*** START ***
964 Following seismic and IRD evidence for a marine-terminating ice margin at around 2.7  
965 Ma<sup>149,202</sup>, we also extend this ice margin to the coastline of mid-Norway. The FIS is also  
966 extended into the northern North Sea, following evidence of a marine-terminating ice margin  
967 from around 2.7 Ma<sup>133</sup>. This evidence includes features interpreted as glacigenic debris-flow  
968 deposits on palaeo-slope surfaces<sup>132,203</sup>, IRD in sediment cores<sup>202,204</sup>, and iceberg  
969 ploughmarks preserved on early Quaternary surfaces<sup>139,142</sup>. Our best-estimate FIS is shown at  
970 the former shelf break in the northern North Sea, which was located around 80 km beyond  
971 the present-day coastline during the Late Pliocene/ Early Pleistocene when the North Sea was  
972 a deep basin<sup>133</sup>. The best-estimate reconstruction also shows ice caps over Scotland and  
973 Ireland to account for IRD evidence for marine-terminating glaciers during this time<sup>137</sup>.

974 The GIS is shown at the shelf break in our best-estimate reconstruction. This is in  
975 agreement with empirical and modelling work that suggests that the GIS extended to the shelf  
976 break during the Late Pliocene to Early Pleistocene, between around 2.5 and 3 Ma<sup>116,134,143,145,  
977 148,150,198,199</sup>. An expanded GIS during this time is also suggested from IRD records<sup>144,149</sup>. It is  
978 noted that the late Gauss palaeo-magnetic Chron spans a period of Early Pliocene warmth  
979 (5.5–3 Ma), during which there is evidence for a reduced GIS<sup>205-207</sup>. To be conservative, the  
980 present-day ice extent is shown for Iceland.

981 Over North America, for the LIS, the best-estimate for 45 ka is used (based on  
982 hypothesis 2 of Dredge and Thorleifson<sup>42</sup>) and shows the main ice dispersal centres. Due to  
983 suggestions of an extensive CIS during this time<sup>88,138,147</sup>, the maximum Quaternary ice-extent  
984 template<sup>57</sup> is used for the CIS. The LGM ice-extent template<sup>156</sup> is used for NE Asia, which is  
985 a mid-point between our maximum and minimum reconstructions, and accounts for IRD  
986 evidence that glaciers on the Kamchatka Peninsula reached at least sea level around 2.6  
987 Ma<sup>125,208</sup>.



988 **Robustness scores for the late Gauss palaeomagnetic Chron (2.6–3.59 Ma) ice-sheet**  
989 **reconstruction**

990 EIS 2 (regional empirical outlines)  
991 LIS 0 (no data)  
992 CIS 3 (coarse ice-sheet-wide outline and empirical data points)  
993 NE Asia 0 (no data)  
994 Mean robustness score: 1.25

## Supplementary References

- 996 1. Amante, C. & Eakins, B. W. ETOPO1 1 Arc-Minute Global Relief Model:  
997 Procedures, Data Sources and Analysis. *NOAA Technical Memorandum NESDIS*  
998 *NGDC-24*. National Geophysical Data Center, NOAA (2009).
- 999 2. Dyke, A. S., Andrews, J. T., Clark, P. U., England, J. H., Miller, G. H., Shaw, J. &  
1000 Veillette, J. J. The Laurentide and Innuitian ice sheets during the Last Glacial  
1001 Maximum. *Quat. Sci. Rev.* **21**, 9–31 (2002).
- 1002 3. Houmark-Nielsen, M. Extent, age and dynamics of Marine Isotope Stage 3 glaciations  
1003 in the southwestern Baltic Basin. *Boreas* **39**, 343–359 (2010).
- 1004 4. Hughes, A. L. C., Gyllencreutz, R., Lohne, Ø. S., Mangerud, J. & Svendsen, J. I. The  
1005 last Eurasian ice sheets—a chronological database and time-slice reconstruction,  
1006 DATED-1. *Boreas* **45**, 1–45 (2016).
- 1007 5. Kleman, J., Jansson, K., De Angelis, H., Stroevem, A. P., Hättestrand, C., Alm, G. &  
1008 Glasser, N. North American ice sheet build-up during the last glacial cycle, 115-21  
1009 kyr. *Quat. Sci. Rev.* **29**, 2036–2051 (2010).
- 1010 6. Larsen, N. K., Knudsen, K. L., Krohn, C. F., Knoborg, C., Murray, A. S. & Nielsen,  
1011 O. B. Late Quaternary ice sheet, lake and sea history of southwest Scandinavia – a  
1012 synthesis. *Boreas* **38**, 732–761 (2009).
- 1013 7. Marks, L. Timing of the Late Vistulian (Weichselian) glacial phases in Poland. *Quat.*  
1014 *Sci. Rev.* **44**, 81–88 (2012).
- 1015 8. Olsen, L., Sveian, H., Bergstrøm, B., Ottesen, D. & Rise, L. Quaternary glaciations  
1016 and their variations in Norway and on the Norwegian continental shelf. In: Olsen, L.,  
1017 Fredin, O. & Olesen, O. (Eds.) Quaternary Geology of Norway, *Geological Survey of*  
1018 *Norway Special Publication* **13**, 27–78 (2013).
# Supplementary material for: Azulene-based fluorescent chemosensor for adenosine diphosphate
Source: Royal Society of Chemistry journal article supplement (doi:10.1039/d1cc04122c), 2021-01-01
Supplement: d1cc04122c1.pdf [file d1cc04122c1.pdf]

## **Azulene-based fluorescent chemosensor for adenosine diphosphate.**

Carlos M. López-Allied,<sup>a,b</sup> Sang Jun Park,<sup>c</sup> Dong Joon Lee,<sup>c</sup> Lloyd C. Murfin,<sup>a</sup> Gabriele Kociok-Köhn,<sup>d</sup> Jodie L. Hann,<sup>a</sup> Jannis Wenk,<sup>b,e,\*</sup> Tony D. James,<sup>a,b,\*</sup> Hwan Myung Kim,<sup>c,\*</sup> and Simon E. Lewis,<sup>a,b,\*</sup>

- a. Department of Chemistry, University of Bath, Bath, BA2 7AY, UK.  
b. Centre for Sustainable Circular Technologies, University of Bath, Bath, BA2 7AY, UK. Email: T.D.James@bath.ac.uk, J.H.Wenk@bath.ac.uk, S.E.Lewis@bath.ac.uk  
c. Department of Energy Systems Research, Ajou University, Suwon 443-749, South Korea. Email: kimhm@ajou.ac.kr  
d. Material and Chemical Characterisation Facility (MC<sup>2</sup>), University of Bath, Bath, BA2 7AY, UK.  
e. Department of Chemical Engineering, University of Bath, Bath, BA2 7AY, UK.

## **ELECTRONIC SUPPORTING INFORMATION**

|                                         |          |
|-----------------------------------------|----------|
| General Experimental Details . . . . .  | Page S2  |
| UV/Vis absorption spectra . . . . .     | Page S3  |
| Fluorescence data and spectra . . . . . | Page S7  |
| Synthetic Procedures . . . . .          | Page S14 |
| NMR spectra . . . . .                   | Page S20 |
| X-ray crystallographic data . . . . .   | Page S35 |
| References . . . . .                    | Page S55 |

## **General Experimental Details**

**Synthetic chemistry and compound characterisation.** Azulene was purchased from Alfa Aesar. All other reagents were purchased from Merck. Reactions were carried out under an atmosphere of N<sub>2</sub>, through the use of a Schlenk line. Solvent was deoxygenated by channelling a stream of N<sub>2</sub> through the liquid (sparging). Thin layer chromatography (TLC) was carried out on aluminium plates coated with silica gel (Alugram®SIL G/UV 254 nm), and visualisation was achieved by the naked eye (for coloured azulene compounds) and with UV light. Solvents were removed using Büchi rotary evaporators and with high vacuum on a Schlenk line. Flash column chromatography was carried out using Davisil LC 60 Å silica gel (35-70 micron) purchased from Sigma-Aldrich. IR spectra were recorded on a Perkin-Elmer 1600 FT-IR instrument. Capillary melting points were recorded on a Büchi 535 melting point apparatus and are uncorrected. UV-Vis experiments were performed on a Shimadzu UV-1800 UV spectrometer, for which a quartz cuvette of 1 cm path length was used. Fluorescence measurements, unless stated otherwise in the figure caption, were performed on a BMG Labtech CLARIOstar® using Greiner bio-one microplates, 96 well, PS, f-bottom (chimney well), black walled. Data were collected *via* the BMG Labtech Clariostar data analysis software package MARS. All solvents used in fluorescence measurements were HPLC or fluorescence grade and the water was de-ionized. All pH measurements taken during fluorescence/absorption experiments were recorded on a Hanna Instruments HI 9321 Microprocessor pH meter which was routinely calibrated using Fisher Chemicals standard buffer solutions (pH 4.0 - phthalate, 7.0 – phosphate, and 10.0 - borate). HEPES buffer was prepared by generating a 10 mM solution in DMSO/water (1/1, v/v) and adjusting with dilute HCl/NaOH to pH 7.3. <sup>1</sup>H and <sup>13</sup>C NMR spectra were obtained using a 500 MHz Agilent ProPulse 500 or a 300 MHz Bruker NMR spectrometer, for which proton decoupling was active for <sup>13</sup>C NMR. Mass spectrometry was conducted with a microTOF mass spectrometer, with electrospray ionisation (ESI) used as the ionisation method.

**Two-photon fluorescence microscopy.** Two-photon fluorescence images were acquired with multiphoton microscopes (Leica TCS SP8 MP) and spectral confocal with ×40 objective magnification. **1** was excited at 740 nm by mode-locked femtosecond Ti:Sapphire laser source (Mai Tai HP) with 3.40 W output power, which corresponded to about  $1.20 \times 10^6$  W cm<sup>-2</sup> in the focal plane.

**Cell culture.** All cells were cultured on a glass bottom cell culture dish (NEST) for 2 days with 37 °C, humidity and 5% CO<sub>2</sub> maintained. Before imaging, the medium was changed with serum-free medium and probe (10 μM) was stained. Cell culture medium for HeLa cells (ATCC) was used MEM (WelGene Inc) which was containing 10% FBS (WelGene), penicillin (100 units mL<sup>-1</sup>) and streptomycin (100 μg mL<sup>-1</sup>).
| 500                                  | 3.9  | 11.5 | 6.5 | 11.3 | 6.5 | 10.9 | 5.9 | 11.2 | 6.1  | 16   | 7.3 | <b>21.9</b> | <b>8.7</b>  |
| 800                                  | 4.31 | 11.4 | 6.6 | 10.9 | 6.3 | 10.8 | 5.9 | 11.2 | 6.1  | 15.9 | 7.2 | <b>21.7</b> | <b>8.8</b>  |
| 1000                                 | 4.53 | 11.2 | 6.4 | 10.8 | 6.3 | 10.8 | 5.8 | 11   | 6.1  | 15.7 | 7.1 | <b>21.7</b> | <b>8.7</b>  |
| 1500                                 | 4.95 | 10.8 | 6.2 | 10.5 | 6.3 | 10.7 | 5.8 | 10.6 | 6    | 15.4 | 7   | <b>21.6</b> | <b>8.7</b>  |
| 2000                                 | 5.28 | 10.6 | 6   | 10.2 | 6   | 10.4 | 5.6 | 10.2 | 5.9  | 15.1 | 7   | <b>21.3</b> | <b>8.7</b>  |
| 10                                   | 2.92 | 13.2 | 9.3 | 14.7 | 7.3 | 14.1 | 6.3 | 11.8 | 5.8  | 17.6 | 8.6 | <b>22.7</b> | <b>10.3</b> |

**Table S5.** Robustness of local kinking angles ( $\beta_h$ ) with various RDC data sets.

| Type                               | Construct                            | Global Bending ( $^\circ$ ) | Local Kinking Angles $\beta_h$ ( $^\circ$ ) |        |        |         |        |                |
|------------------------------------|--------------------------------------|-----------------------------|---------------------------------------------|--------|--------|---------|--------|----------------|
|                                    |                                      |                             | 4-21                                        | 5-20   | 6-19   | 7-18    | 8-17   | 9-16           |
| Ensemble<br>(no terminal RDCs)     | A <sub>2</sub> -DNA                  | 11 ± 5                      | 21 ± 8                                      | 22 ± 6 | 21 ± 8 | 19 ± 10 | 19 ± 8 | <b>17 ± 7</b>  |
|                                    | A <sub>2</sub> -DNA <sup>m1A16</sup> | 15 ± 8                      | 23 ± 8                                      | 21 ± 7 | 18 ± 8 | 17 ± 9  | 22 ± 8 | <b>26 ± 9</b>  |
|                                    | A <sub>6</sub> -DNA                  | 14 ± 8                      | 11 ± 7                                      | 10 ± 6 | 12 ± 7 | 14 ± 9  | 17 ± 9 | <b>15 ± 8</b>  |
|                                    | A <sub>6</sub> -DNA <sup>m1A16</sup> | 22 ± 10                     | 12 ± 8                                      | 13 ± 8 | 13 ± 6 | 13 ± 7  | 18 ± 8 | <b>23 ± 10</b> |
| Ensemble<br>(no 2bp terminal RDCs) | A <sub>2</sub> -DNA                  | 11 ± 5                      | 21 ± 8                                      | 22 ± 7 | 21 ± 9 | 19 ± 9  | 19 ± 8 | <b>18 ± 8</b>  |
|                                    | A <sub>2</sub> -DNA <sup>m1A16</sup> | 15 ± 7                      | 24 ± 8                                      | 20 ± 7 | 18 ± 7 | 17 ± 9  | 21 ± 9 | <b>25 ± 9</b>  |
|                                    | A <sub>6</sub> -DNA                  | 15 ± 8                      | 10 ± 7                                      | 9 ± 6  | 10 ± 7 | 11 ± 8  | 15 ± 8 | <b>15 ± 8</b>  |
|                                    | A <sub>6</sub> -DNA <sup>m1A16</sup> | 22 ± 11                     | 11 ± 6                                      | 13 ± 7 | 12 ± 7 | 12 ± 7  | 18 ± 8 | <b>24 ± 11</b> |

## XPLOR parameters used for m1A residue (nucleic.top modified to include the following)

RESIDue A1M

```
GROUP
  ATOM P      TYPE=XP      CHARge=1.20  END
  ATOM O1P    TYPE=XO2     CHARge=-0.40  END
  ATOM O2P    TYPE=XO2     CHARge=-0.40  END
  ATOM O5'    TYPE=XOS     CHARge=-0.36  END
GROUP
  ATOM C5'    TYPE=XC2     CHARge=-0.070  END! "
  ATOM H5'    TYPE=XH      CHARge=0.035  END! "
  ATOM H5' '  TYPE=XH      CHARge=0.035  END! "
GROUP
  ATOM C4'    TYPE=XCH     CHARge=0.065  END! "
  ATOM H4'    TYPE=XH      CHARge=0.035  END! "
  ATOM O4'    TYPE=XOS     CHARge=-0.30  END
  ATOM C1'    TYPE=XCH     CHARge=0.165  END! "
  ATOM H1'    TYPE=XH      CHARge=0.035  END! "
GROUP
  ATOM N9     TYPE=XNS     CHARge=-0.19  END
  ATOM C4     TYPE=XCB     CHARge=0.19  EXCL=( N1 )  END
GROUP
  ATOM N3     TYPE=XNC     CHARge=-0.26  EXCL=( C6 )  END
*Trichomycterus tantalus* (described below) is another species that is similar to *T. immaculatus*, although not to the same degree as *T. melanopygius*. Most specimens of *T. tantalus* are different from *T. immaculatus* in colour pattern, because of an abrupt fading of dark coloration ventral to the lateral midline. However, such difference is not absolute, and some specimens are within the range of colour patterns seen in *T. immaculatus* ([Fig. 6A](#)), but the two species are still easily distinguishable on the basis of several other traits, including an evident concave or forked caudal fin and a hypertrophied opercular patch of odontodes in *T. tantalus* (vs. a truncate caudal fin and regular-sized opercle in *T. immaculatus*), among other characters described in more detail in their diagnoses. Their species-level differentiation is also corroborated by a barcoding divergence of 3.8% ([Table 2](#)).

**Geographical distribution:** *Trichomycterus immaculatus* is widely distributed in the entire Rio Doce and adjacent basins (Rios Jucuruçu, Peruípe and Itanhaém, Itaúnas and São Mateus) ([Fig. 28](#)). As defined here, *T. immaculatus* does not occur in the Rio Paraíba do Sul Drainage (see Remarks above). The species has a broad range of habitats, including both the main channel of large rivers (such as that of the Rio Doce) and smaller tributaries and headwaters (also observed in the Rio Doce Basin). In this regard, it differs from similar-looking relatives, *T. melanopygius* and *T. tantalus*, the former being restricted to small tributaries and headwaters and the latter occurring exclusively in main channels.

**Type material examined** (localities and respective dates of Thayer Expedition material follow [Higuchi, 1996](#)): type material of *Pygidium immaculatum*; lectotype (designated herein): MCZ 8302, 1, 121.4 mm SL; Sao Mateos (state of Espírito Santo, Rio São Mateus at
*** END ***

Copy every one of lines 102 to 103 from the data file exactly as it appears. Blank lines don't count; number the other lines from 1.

  ATOM P      TYPE=XP      CHARge=1.20  END
  ATOM O1P    TYPE=XO2     CHARge=-0.40  END